Seven current or former members of the Guatemalan banana workers’ union have been murdered since 2011. Most recently, Miguel Angel González Ramírez, a member of the Izabal banana workers’ union, was shot while he was holding his young son.
No one has been arrested for the murders that the U.S. Labor Education in the Americas Project (USLEAP) calls “the slow moving massacre of the largest private-sector union in Guatemala.”
On the day of Ramirez’s murder, the Guatemalan government had lifted its 24-hour security protection for the union’s secretary general.
In 2008, under the terms of Dominican Republic-Central American Free Trade Agreement (DR-CAFTA), the AFL-CIO and six Guatemalan unions filed a complaint with the Labor Department outlining the systemic failure of the government of Guatemala to enforce its own labor laws or to take reasonable action to prevent violence against trade unionists.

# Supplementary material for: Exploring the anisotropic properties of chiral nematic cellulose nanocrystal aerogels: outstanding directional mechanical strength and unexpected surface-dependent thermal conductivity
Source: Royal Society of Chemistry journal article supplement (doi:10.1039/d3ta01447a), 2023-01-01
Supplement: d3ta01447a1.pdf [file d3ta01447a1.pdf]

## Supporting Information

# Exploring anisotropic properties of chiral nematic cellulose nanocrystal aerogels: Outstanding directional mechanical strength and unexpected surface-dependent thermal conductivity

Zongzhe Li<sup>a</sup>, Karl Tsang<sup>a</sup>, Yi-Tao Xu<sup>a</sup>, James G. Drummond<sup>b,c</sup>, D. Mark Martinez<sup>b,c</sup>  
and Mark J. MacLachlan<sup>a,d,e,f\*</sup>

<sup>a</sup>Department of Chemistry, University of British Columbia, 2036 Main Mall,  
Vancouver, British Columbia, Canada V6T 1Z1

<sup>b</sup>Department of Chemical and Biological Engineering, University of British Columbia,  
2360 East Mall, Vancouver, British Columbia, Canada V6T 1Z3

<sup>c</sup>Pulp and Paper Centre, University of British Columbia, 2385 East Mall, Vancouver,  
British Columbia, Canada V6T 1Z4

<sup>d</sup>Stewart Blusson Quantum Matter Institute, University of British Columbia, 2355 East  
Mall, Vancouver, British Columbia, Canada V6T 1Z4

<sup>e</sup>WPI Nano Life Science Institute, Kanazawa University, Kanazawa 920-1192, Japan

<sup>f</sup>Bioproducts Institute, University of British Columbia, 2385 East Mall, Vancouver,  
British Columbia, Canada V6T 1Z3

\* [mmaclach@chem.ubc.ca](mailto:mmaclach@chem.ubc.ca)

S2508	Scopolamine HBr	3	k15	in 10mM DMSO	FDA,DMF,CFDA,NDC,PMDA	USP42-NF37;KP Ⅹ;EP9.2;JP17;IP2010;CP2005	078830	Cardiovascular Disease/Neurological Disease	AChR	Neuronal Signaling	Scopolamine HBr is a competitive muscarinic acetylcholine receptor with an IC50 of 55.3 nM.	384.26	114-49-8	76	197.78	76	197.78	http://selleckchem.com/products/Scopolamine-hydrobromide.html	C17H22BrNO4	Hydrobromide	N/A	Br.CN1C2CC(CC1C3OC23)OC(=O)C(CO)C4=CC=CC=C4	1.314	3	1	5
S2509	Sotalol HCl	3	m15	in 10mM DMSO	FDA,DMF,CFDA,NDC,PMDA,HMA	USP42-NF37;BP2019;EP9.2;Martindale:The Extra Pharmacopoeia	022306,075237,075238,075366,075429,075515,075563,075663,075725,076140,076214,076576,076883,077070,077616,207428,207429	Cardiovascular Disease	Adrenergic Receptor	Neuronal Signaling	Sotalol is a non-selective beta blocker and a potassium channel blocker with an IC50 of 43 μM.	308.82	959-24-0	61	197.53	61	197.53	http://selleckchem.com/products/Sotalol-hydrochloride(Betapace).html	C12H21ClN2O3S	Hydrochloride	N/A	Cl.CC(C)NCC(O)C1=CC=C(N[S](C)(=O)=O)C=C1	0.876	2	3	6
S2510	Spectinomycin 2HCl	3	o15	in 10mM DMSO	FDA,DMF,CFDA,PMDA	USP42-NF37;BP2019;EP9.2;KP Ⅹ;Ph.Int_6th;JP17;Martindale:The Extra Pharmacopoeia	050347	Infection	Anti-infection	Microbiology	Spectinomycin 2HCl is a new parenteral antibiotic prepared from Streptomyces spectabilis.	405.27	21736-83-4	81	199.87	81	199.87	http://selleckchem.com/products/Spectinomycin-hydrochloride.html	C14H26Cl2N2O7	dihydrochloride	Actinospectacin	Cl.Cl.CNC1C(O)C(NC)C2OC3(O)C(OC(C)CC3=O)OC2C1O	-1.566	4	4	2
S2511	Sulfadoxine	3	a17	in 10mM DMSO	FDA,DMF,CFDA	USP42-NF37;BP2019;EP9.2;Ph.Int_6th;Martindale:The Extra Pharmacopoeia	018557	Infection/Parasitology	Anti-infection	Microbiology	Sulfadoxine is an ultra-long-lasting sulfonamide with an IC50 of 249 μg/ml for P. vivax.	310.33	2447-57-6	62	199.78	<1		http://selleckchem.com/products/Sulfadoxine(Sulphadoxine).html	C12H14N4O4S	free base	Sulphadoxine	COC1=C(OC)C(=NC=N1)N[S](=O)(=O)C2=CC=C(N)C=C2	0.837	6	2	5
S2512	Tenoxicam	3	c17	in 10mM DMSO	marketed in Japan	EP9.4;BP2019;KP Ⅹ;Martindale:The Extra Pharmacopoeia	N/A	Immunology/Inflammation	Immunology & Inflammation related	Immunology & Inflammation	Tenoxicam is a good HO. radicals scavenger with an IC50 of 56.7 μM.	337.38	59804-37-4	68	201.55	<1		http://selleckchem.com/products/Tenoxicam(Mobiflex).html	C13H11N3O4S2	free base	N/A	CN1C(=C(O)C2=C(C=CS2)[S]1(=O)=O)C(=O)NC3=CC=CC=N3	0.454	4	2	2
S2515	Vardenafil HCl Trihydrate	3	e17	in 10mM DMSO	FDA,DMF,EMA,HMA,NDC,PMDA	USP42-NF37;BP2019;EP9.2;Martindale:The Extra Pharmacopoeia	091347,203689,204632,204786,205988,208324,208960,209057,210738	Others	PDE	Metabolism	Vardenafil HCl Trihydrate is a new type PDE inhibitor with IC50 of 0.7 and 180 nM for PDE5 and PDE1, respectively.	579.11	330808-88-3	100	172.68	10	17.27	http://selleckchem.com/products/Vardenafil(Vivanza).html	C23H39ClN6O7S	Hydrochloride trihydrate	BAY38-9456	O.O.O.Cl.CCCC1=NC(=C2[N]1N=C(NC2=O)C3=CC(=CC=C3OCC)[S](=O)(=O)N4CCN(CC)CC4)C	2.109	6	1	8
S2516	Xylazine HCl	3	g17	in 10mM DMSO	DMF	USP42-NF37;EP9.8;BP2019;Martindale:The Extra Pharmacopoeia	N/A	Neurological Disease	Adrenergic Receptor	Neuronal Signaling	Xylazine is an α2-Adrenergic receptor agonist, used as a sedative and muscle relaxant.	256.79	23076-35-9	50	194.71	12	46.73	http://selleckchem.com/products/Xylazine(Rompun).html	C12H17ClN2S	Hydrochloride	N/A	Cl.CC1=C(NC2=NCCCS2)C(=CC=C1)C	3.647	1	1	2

In 2009, the International Trade Union Confederation (ITUC) named Guatemala the second most dangerous country for trade unionists, behind Colombia. Click here to read a Solidarity Center report on workers’ rights in Guatemala.
Meanwhile, says USLEAP, violence has sky-rocketed against one of the main filers of the complaint, SITRABI, sending a clear message to trade unions in Guatemala that it could be dangerous to engage in the DR-CAFTA process.